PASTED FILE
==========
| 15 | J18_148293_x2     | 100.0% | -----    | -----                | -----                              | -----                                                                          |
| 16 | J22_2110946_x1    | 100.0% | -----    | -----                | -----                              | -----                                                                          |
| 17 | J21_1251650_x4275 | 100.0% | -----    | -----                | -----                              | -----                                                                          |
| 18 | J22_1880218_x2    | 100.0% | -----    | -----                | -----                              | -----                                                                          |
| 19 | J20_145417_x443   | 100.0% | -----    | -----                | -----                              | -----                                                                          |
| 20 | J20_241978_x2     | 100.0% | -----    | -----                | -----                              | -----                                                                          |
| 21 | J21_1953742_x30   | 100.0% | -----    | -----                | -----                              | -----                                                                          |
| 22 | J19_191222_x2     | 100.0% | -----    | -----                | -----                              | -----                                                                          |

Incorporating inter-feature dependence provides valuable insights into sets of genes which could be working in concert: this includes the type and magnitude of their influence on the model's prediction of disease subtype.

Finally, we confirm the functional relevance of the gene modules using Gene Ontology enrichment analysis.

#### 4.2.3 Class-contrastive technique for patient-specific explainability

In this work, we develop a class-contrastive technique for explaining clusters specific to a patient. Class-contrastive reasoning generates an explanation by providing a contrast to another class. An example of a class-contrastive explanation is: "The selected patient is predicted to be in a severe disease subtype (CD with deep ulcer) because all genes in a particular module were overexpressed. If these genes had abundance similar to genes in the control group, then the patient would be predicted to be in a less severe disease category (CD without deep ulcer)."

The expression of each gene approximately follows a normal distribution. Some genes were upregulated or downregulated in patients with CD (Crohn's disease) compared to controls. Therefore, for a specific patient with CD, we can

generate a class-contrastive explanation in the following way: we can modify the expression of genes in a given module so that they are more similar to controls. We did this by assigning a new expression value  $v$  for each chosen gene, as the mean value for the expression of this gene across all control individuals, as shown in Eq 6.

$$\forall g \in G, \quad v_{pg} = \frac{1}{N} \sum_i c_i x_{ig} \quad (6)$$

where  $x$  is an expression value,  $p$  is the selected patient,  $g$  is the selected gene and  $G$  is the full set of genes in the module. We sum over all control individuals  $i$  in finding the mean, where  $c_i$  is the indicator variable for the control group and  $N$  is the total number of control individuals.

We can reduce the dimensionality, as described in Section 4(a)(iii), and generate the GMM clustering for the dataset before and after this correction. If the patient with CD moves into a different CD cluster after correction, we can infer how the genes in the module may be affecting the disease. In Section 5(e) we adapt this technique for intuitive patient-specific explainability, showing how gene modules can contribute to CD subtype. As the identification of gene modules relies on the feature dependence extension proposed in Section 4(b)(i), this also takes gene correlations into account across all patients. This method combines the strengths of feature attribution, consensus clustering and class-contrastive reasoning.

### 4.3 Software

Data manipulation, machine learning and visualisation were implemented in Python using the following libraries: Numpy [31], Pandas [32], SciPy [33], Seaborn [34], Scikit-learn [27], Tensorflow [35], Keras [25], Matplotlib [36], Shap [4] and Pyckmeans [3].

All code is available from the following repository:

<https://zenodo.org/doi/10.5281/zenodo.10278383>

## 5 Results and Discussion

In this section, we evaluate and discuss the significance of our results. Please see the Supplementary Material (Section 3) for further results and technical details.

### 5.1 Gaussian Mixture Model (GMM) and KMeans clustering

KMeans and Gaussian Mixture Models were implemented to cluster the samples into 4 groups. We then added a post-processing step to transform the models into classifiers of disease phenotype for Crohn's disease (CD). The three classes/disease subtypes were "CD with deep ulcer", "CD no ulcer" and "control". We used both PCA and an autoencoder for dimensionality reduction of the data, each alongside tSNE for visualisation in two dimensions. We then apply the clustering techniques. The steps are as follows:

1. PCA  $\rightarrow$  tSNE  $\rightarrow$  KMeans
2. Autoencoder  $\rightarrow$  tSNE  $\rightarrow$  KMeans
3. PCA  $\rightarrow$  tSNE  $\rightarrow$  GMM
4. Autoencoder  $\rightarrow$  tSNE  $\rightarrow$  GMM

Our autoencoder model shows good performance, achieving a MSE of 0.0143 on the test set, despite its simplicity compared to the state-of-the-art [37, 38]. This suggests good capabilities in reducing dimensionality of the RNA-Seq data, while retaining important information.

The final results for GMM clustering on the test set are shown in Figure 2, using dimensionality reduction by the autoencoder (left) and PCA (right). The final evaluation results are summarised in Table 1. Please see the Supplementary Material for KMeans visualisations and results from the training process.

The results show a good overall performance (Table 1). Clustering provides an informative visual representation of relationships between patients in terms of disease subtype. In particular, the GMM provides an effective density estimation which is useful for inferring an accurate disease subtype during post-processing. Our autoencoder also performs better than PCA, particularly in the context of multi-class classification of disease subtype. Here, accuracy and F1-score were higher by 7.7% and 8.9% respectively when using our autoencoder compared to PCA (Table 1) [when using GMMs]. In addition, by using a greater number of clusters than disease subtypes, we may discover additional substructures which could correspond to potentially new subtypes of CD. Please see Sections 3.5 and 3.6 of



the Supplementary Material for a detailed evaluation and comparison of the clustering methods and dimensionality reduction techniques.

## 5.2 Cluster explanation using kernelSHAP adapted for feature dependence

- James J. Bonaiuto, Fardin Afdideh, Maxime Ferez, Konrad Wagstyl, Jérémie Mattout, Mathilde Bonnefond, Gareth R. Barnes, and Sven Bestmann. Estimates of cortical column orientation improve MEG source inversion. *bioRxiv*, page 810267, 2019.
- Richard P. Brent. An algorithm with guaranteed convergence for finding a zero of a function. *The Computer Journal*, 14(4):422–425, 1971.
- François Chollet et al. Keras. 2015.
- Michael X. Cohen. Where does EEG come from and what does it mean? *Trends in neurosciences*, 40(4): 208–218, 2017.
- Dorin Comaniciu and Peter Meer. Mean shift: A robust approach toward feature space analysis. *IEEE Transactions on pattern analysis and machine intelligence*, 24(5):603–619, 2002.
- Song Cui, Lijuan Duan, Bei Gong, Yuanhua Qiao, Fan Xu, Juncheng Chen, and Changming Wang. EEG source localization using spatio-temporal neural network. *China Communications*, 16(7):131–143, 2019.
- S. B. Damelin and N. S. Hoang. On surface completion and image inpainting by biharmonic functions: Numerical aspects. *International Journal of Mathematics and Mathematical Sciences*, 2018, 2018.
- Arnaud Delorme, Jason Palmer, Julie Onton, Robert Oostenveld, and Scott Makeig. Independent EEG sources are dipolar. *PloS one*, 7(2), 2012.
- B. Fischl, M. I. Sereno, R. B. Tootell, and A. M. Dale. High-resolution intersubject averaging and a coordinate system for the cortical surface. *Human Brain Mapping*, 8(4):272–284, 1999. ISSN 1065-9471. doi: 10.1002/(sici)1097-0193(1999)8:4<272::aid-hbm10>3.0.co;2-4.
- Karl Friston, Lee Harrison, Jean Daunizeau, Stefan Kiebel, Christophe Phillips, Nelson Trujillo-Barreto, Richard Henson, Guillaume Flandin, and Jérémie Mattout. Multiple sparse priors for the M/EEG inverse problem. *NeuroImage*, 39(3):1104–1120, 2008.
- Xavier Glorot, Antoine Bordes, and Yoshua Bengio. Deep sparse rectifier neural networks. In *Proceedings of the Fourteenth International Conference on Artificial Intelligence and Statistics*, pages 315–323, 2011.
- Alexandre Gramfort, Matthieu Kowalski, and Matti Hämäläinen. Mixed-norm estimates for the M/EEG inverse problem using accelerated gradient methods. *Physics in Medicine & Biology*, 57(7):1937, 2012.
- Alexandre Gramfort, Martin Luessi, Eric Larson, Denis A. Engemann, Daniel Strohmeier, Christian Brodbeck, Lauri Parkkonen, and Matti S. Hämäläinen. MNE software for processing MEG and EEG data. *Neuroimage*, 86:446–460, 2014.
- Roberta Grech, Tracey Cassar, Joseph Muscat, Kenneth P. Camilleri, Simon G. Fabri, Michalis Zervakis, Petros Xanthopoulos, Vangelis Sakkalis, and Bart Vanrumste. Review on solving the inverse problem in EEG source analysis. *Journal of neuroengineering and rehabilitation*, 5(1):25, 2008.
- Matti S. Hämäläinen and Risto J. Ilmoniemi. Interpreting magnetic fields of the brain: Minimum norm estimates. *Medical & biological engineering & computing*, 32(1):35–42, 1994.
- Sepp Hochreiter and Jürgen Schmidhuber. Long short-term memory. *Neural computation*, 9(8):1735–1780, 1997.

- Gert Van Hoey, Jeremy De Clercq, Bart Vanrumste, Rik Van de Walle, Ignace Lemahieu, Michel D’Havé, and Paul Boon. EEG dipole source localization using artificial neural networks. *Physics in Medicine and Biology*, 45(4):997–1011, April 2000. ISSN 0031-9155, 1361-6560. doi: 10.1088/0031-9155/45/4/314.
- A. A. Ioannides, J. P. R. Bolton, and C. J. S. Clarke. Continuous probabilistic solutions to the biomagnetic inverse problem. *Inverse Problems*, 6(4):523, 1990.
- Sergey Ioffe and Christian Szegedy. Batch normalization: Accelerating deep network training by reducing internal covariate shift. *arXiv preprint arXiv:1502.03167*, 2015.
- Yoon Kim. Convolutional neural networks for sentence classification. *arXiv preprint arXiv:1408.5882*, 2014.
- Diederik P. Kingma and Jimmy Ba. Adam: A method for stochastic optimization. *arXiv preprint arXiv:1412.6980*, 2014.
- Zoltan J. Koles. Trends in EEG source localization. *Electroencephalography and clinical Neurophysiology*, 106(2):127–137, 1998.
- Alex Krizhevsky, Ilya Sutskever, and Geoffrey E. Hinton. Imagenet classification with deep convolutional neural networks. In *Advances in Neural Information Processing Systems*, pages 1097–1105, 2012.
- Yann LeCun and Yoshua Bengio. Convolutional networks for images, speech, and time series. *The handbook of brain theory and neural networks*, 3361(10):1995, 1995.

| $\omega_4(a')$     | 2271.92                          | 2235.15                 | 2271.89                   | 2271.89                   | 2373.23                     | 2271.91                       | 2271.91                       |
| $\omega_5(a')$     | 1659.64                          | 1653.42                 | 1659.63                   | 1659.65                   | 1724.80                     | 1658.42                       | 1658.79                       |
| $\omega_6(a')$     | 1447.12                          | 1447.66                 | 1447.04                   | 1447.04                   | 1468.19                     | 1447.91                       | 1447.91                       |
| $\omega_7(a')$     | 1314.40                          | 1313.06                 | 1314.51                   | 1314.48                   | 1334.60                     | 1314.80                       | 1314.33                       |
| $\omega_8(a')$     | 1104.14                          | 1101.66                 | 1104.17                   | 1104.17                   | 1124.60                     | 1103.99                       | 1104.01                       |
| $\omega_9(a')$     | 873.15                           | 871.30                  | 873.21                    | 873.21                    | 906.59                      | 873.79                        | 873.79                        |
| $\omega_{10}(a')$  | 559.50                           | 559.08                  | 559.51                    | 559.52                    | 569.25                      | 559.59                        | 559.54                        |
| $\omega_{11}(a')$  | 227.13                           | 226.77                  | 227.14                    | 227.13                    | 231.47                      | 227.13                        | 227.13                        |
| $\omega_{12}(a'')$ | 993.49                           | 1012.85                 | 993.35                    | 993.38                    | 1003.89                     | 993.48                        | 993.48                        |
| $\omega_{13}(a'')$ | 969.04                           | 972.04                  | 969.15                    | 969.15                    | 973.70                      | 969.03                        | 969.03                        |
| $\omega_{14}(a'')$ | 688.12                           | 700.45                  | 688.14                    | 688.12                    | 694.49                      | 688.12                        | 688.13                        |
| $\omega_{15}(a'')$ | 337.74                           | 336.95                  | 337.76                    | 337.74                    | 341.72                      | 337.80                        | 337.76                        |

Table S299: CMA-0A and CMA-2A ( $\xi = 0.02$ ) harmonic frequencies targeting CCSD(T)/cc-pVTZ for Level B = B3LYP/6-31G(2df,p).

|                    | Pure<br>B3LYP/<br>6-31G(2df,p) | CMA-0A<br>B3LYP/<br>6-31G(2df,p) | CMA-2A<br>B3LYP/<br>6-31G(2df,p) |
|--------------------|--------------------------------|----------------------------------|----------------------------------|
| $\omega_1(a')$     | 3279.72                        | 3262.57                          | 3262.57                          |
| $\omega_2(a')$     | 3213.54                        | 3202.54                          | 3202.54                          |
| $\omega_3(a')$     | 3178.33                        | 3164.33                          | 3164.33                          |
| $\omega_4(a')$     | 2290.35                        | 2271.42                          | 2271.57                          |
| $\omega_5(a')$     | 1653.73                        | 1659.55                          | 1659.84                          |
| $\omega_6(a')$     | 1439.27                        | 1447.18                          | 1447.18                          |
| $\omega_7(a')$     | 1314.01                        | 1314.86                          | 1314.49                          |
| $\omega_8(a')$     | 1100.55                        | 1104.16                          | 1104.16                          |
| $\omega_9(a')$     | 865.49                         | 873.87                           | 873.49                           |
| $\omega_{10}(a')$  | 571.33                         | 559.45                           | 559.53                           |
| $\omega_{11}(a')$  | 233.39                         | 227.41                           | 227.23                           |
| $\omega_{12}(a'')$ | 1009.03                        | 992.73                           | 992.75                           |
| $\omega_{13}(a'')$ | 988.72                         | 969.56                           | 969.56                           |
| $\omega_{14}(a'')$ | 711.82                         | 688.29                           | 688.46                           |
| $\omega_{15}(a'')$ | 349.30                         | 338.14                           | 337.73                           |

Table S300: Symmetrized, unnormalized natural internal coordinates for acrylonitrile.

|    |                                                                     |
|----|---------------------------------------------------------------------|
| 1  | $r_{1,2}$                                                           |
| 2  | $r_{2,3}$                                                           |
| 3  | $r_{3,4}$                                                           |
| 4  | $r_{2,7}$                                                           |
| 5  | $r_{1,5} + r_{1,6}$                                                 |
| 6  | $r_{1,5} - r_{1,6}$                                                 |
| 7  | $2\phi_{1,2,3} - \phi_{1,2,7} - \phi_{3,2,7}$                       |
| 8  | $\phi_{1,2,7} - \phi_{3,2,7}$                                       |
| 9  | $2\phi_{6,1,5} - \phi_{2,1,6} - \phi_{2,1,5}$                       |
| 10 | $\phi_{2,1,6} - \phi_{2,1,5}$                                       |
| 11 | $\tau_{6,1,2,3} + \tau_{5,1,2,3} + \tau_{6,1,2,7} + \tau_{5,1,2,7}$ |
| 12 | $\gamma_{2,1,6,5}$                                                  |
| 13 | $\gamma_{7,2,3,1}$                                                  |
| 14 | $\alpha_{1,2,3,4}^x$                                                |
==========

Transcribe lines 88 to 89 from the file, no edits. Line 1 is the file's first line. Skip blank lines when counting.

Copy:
| $\omega_{15}(a'')$ | 349.30                         | 338.14                           | 337.73                           |

Table S300: Symmetrized, unnormalized natural internal coordinates for acrylonitrile.